Kamalinia G, Khodagholi F, Atyabi F, Amini M, Shaerzadeh F, Sharifzadeh M, et al. Enhanced brain delivery of deferasirox-lactoferrin conjugates for iron chelation therapy in neurodegenerative disorders: in vitro and in vivo studies. Mol Pharm. 2013;10(12):4418–31.

  30. 30.

    Liu G, Men P, Harris PL, Rolston RK, Perry G, Smith MA. Nanoparticle iron chelators: a new therapeutic approach in Alzheimer disease and other neurologic disorders associated with trace metal imbalance. Neurosci Lett. 2006;406(3):189–93.

  31. 31.

    Liu G, Men P, Kudo W, Perry G, Smith MA. Nanoparticle-chelator conjugates as inhibitors of amyloid-beta aggregation and neurotoxicity: a novel therapeutic approach for Alzheimer disease. Neurosci Lett. 2009;455(3):187–90.

  32. 32.

    Heath JL, Weiss JM, Lavau CP, Wechsler DS. Effects of iron depletion on CALM-AF10 leukemias. Exp Hematol. 2014;42(12):1022–30. e1021.

  33. 33.

    Pullarkat V, Meng Z, Donohue C, Yamamoto VN, Tomassetti S, Bhatia R, et al. Iron chelators induce autophagic cell death in multiple myeloma cells. Leuk Res. 2014;38(8):988–96.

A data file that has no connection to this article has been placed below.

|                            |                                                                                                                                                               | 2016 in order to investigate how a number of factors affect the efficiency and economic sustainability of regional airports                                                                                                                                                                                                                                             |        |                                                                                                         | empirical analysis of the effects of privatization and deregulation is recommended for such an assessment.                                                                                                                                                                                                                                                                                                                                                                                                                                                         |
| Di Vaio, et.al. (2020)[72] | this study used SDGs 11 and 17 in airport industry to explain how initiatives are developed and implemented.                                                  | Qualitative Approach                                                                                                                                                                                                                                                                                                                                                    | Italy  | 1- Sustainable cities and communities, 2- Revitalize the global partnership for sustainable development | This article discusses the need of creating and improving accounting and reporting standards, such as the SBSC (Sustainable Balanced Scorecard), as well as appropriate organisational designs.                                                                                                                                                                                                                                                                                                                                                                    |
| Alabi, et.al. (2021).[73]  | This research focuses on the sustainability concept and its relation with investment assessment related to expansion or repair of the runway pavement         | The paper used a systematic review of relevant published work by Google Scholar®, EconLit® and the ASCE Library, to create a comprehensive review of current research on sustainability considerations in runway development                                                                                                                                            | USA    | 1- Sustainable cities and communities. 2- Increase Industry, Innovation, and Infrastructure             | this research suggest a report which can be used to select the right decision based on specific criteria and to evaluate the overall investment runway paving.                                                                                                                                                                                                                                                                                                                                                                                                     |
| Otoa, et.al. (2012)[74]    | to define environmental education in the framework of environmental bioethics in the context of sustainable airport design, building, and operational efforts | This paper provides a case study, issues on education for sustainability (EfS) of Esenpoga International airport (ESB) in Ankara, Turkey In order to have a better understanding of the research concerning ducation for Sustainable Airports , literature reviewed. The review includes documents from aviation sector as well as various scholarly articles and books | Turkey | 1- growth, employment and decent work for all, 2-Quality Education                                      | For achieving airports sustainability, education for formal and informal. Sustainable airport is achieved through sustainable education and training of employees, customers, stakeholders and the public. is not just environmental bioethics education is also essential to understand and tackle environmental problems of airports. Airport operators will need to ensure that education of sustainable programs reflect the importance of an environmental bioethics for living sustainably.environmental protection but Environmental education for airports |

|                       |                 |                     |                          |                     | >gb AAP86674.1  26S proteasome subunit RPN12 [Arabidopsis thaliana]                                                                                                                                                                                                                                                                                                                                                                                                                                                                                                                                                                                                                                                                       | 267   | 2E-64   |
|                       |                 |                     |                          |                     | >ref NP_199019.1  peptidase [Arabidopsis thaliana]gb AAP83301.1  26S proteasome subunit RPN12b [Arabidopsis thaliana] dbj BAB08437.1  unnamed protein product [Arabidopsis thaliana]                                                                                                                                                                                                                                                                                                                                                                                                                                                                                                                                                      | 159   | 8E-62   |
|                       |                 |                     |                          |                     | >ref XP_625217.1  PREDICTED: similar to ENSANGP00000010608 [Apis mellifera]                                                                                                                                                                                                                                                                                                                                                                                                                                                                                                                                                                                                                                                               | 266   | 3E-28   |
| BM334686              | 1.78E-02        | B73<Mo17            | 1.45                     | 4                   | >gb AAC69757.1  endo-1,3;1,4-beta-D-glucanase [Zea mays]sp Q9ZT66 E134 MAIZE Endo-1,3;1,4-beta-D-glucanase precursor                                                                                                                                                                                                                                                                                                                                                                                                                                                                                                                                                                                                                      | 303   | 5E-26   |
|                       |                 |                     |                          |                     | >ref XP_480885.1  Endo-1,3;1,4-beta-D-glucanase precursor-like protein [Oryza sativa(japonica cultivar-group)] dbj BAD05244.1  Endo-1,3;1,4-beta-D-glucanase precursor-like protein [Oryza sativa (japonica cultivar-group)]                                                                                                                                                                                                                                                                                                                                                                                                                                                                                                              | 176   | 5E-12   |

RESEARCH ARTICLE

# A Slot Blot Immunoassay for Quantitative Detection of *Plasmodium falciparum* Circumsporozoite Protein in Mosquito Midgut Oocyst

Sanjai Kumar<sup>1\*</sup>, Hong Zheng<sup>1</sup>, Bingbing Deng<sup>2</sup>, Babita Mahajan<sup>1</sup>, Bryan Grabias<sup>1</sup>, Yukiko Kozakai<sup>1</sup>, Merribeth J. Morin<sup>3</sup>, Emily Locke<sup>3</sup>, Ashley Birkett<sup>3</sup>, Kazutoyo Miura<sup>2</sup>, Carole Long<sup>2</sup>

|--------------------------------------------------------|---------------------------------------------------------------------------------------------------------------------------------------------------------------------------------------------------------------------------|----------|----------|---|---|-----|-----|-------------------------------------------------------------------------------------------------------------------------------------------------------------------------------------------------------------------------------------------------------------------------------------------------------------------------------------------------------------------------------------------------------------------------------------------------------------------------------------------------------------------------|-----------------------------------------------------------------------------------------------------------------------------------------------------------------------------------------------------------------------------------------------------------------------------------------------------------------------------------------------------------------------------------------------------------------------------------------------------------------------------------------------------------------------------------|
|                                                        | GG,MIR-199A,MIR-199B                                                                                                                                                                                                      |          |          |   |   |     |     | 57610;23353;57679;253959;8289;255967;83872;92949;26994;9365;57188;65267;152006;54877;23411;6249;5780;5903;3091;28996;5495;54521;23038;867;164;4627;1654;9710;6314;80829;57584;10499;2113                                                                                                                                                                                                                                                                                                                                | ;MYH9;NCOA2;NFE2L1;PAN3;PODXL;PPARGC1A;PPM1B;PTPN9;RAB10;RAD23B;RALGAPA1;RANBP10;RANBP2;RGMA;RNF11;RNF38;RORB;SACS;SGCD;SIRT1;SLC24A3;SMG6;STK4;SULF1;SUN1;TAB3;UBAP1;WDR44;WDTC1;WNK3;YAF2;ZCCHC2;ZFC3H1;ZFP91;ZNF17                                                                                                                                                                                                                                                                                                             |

34. 34.

    Paubelle E, Zylbersztejn F, Alkhaeir S, Suarez F, Callens C, Dussiot M, et al. Deferasirox and vitamin D improves overall survival in elderly patients with acute myeloid leukemia after demethylating agents failure. PLoS One. 2013;8(6):e65998.

  35. 35.

    Lee DH, Jang PS, Chung NG, Cho B, Jeong DC, Kim HK. Deferasirox shows in vitro and in vivo antileukemic effects on murine leukemic cell lines regardless of iron status. Exp Hematol. 2013;41(6):539–46.

  36. 36.

    Fukushima T, Kawabata H, Nakamura T, Iwao H, Nakajima A, Miki M, et al. Iron chelation therapy with deferasirox induced complete remission in a patient with chemotherapy-resistant acute monocytic leukemia. Anticancer Res. 2011;31(5):1741–4.

  37. 37.